Diagnosed with a damaging inflammatory disease, one woman has worked hard to reclaim her life. Now, with a support group and charity walk, she’s making strides.
At age 27, Sheron Williams found herself in the emergency department at Michigan Medicine after having trouble speaking, swallowing and eating.
Pain and overall discomfort weren't new to Williams, who had experienced exhaustion and skin rashes on her legs.
But her inability to eat and her taste being completely altered were new and scary developments.
"I went from a size 8 or 10 to a size 2," Williams says. "Food just didn't taste right, and I didn't like my favorite foods anymore. I couldn't eat and I couldn't swallow, and when I arrived at the emergency department I remember them thinking I was underage because I was so tiny."
After 24 hours of testing and monitoring, doctors revealed a diagnosis: Williams had sarcoidosis. It's a disease where inflammatory cells form lumps throughout the body mainly affecting the lungs, eyes, skin and, in rare cases, the heart.
"I was in the hospital for a month and was still sick for years to come, but I was able to get my sarcoidosis back in remission," says Williams, now 53, who managed her condition with the help of steroids — and despite physical setbacks, has prevailed as a warrior and advocate.
Staying positive through struggle
Initial relief didn't last. Ten years ago, Williams began struggling to breathe. Walking up one flight of stairs to her apartment felt like someone was holding her neck and restricting oxygen.
"When I went back to the University of Michigan they said that it (sarcoidosis) had suddenly began attacking my liver and they started treating me again right away," Williams says. "I had to be put on oxygen, up my medications and have infusions three times a week. After three months, it went down to just a couple of times a week until I could be eventually weaned off of them."
Although sarcoidosis has attacked almost every part of her body, including her skin, liver, eyes, throat, saliva glands, nervous system and brain, Williams refuses to let the disease define her.
"Through all of that, I have tried to stay positive," Williams says. "I have my moments, but now I have more encouraging moments than pity moments. In fact, when I met Dr. Eric White at U-M, I told him all of us are leaving this world one day, but your job is to make sure my death certificate doesn't say 'death by sarcoidosis!'"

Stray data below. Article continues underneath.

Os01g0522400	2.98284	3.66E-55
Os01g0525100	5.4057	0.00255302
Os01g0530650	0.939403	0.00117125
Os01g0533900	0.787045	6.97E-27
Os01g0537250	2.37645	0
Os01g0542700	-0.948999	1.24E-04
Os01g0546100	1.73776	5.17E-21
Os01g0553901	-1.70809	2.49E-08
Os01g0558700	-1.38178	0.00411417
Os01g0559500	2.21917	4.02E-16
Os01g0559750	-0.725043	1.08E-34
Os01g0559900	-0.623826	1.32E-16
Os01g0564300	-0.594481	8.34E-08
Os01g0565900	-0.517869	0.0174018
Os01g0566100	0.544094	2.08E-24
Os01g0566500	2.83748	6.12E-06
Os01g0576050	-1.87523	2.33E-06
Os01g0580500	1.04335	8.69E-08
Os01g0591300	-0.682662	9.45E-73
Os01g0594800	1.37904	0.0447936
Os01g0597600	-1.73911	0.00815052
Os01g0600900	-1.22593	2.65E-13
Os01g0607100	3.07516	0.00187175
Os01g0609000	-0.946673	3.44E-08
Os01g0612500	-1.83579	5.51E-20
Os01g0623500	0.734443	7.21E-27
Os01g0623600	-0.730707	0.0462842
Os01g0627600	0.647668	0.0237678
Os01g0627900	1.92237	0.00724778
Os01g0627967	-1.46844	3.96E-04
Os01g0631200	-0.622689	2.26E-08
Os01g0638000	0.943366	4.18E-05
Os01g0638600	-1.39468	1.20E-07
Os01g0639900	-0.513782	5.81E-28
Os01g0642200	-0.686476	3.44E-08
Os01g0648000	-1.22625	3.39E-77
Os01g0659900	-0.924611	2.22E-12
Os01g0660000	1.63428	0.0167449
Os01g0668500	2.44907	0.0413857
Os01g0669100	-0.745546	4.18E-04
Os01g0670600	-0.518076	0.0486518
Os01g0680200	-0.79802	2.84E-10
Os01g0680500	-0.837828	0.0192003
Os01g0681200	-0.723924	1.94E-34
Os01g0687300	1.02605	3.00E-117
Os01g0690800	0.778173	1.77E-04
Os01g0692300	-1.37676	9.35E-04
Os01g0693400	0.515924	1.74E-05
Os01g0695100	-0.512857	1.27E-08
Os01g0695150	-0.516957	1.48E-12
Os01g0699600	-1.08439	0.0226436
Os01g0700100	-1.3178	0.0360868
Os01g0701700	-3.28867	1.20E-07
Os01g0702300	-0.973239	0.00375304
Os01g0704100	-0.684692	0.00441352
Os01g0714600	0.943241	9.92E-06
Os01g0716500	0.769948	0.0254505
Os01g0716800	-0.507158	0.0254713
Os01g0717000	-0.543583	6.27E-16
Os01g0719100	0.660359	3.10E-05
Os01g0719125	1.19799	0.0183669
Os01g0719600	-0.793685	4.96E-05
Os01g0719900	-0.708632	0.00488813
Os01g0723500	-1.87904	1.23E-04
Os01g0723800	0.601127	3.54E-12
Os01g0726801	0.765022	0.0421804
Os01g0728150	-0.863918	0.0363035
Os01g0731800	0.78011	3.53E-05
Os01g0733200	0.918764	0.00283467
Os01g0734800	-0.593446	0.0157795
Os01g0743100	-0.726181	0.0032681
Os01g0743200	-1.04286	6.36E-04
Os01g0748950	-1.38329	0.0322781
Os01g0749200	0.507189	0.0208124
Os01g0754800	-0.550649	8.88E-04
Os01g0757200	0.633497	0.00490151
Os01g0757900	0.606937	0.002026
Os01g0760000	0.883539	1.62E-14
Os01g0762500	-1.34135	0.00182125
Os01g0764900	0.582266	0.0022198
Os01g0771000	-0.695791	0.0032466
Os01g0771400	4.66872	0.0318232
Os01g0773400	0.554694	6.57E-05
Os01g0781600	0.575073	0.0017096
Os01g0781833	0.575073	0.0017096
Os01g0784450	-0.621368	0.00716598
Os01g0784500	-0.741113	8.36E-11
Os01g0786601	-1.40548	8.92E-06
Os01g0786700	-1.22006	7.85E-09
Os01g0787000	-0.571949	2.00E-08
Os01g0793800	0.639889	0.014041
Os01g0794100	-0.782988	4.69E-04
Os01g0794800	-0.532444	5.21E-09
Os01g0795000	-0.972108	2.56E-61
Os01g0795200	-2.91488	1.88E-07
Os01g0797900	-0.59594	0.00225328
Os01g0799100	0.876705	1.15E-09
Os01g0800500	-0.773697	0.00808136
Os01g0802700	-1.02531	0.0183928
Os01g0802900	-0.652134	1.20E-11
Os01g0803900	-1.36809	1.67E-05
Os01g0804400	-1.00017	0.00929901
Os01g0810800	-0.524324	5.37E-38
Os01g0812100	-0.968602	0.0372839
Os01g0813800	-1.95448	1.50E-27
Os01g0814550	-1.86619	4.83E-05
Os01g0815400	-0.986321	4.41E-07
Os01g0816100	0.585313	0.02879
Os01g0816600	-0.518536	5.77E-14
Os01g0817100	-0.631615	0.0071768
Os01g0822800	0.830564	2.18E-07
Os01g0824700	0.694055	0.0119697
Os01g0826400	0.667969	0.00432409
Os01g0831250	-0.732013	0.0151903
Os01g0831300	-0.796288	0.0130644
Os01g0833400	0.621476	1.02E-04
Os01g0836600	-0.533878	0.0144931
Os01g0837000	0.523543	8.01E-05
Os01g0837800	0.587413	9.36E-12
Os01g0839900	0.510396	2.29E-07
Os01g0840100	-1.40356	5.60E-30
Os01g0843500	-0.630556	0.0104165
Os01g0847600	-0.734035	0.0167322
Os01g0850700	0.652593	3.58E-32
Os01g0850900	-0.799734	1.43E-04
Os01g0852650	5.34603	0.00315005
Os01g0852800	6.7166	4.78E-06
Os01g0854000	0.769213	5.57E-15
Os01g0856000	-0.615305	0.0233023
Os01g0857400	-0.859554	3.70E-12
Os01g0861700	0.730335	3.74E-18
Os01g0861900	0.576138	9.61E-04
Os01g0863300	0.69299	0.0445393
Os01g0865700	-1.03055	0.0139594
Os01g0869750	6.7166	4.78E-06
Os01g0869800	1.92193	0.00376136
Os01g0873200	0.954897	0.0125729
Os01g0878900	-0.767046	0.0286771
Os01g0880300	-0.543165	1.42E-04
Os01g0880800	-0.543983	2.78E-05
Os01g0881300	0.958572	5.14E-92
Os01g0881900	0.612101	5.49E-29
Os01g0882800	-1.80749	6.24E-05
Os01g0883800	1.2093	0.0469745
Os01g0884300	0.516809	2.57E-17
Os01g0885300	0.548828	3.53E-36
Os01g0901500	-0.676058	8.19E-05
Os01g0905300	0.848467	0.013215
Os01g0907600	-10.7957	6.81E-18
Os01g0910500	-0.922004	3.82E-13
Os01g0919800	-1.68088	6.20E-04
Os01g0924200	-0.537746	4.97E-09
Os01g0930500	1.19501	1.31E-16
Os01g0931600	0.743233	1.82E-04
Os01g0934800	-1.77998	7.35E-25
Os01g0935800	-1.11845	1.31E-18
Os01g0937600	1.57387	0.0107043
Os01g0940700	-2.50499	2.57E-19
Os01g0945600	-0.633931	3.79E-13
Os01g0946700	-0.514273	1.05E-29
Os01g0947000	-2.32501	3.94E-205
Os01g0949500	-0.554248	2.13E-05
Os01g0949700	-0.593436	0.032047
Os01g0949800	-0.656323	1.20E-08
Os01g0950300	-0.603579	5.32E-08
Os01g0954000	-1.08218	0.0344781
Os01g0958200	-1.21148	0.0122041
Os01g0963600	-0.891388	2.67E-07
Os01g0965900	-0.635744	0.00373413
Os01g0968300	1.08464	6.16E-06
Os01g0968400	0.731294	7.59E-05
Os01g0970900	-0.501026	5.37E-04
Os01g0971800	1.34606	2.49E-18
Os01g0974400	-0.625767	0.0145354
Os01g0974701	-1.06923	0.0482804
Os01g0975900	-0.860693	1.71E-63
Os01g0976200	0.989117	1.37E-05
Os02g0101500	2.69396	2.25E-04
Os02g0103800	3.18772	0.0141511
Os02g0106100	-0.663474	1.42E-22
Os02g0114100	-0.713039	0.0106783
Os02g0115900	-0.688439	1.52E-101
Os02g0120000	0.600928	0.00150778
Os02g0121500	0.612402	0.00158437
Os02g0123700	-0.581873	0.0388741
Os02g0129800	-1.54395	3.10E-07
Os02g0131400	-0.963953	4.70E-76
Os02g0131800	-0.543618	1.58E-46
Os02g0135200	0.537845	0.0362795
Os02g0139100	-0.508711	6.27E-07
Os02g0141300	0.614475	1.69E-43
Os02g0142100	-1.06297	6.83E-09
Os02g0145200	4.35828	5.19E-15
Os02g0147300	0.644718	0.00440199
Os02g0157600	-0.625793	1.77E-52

She also made sure to ask White, a professor of pulmonary disease at Michigan Medicine, about how to move forward with her life.
"Some people can't get past what they can no longer do instead of concentrating on what they can do," Williams says. "Sports players know their opponent, so I have to know sarcoidosis."
Speaking up for others
Determined to stay informed and positive, Williams sought out support groups for her disease.
"When people are sick, I don't think it depends on what disease or sickness ailment you have, it depends on your frame of mind," she says. "It's important to have empathy for those who are sick because it can happen to you. I remember telling myself 'You're unstoppable and you're going to live, but being sick is a full-time job.'"
After starting her own support group focused on education — the Michigan Unstoppable Warriors Sarcoidosis Group — she was contacted by the Foundation for Sarcoidosis Research about becoming a patient ambassador.
"I was floored and honored," Williams says. "Last year, I went to my first congressional briefing in Washington, D.C., and that made me want to advocate even more."
During the trip, she learned that other ambassadors had worked with legislators in their respective home states to introduce proclamations recognizing the disease.
Williams, no surprise, wasted no time doing the same. "I came home and started lobbying and meeting with different state representatives," she says. "State Sen. David Knezek listened to me and asked for information on what the other states did."
Over a period of two weeks, Williams wrote to 109 state house representatives, 28 state senators, the governor and lieutenant governor to let them know about Knezek's forthcoming bill and to ask for their support.
Her efforts paid off: Senate Bill No. 783 allows for April to be recognized as Sarcoidosis Awareness Month in Michigan each year.
She considers the declaration to be far more than a formality.
"I see getting recognized by the state as one step closer to having people understand our disease, getting better insurance coverage for drugs for our disease because of the increased understanding, and for people to see how it affects those with it," Williams says. "I'm not here to go toe-to-toe with another disease.
"We all deserve recognition for what we are going through and I want our voice to be heard, too."
Walking toward the future
Always looking to move the needle on awareness about the disease, Williams and her support group have no plans to slow down.
Their latest effort: a fundraising walk held at Michigan Medicine's medical campus.
The Michigan Unstoppable Warriors Sarcoid Walk will take place Saturday, April 21, at 10 a.m. at Michigan Medicine's Hospital Courtyard. Those interested in attending or walking can register and donate online.
Because their T-shirt may not arrive in time, Williams encourages everyone to wear purple to show their support. (Online registration will close April 19; walkers may still register at the event).
The walk marks another step in Williams' long journey as a patient and advocate.
"This disease has been around for years and years and people still don't know about it," Williams says. "But our 'Unstoppable Warriors' are working to change that."
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